A Natural Extension of Inner Silence

The sun’s rays beat down on the desert sand, heavy, like a glare from the eyes of a drunken pervert.  

“I love this,” Jake says, sitting in a lawn chair under an awning, drinking from his handle of gin. He scans the empty horizon through sunken eyes. Nothing but a few cactuses and the dapple of sage brush. It’s the perfect place. No city. No noise. No people. God in heaven, does Jake hate people, especially his ex-wife. He’d been married and living in Phoenix doing electrical work for far too long, and he never wants to see her again.

There’s nothing here. Nothing except for the red, rust-pocked pickup he drove with his gin and lawn chair in the back.

Jake drinks and strokes his grey, brillo beard. Now, out in the middle of the Arizona desert, he thinks of his ex-wife and says, “I do believe I’ll stay.”

His fingers come up to his face, tracing the deep, despoiled valleys of his wrinkles, and he drinks his gin in silence absorbing the quietness like rattlesnakes absorb fresh dawning sunlight. The city had not been quiet. His wife had not been quiet.

She was always saying he was lazy. No good. That he was ignoring her. Never did understand him. Why she waited so long to divorce him was as mysterious as the fate of Moses and the Ark of the Covenant.

“Nothing could be better,” Jake says, and he means it, scanning the empty horizon and taking a drink. Here, in his own little desert, it will be very easy to ignore his ex-wife. Easy to ignore everyone else for that matter. When Jake thought about the average person, he thought about all the things, big and little, that annoyed him. They way the drove on the streets like they owned that patch of road. Their insistence that their opinions should mean anything to him or anyone else. Politics. Sports. Children. If the whole city of Arizona disappeared off of the face of the Earth, it wouldn’t bother him one bit. Not as long as he was here.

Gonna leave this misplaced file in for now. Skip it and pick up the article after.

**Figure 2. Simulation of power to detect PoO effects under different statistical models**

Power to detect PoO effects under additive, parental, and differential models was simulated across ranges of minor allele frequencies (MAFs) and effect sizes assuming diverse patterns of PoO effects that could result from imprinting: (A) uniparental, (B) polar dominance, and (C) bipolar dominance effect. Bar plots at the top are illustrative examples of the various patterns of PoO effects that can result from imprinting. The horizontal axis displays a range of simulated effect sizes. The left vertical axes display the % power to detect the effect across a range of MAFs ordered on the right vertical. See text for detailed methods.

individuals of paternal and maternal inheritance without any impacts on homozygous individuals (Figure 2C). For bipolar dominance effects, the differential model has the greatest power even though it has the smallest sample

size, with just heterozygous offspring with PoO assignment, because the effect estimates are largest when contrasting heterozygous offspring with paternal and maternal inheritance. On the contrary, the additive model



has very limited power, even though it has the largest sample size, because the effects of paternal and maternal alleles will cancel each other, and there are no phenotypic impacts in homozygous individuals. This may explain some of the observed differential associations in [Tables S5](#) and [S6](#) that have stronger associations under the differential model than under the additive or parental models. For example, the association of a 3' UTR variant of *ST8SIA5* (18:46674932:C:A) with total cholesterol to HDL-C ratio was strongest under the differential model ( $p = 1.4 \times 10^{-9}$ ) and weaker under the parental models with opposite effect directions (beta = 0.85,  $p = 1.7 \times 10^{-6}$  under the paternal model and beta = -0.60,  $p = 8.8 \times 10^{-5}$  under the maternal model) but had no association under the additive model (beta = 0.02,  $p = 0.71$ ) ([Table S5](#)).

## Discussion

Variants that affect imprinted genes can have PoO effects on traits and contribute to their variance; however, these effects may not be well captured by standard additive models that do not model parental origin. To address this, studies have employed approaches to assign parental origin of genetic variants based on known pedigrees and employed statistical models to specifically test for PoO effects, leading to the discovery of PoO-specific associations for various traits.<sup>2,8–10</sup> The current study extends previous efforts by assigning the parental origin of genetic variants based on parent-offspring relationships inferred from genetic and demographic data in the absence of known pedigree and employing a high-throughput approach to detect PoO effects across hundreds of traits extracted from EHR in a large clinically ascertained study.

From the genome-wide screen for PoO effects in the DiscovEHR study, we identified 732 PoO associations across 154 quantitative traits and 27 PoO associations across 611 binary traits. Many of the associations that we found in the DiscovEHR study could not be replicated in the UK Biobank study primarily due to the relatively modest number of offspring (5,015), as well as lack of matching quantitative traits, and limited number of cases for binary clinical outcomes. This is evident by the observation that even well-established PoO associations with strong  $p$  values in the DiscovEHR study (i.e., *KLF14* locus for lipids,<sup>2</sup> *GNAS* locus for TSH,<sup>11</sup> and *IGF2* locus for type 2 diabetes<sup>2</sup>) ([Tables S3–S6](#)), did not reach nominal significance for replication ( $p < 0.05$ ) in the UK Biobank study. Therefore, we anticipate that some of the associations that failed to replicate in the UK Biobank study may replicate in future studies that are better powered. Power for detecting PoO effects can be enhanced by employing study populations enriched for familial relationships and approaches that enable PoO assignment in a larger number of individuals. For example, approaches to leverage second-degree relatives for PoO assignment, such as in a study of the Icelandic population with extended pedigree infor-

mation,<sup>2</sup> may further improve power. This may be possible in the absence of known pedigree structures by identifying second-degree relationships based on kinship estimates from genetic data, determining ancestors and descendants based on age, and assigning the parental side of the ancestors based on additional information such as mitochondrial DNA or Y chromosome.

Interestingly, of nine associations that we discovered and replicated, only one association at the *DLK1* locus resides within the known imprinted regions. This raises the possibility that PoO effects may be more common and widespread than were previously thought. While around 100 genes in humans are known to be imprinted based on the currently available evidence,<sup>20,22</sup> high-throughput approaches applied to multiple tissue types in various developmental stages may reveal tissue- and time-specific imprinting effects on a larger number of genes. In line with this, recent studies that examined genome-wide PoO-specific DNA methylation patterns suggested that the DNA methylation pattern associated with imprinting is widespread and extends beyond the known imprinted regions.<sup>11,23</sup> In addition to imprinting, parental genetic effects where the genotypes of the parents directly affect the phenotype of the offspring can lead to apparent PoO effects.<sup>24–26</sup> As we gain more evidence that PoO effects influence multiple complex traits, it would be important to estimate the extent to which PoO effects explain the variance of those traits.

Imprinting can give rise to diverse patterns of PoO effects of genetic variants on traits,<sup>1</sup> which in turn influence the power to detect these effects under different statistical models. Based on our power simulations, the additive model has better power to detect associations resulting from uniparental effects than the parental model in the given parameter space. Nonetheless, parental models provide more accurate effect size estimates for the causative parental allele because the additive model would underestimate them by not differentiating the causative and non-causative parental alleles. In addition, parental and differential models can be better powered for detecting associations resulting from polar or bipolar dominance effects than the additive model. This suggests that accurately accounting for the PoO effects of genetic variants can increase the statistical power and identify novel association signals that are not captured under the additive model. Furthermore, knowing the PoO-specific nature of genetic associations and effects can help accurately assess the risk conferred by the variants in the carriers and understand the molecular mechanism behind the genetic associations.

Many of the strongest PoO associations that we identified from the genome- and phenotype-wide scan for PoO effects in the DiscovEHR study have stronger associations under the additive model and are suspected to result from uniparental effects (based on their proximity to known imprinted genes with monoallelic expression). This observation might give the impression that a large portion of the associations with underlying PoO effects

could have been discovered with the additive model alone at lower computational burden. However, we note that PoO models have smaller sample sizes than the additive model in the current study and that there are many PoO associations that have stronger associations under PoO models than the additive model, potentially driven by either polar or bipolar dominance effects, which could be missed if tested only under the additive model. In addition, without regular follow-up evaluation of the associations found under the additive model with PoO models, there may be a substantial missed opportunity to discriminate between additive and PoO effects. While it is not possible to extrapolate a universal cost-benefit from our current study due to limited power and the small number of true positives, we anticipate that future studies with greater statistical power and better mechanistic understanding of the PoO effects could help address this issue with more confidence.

“It could be a little better,” a voice says.

“Who the…?” Jake violently wrenches his head around is head, “How the…?” he’d thought he was alone, “What the fuck!”

At first Jake just sees swirls of sand tracking through hot, distant air.

“I’m the city planner,” the voice comes from behind him. “It is so good to see you, everyone thought we lost you.”

Jake makes his tired body do a one-eighty, sees the city planner, and eyes him suspiciously.

“We got everything together as soon as we could,” the city planner says.

Then Jake sees something coming up from the horizon directly behind this new and annoying man.

He’s not sure what it is at first, he can just tell it’s big and moving. He wipes sweat from his brow, and rubs his eyes, hoping this is some sort of twisted mirage. It’s not. It’s a host of semi-tractor trailers hauling through the desert at high speeds.

“I can’t believe this,” Jake mutters, gin-soaked breath hot and stinking.

“Oh, you better believe it,” the planner says, bright as day.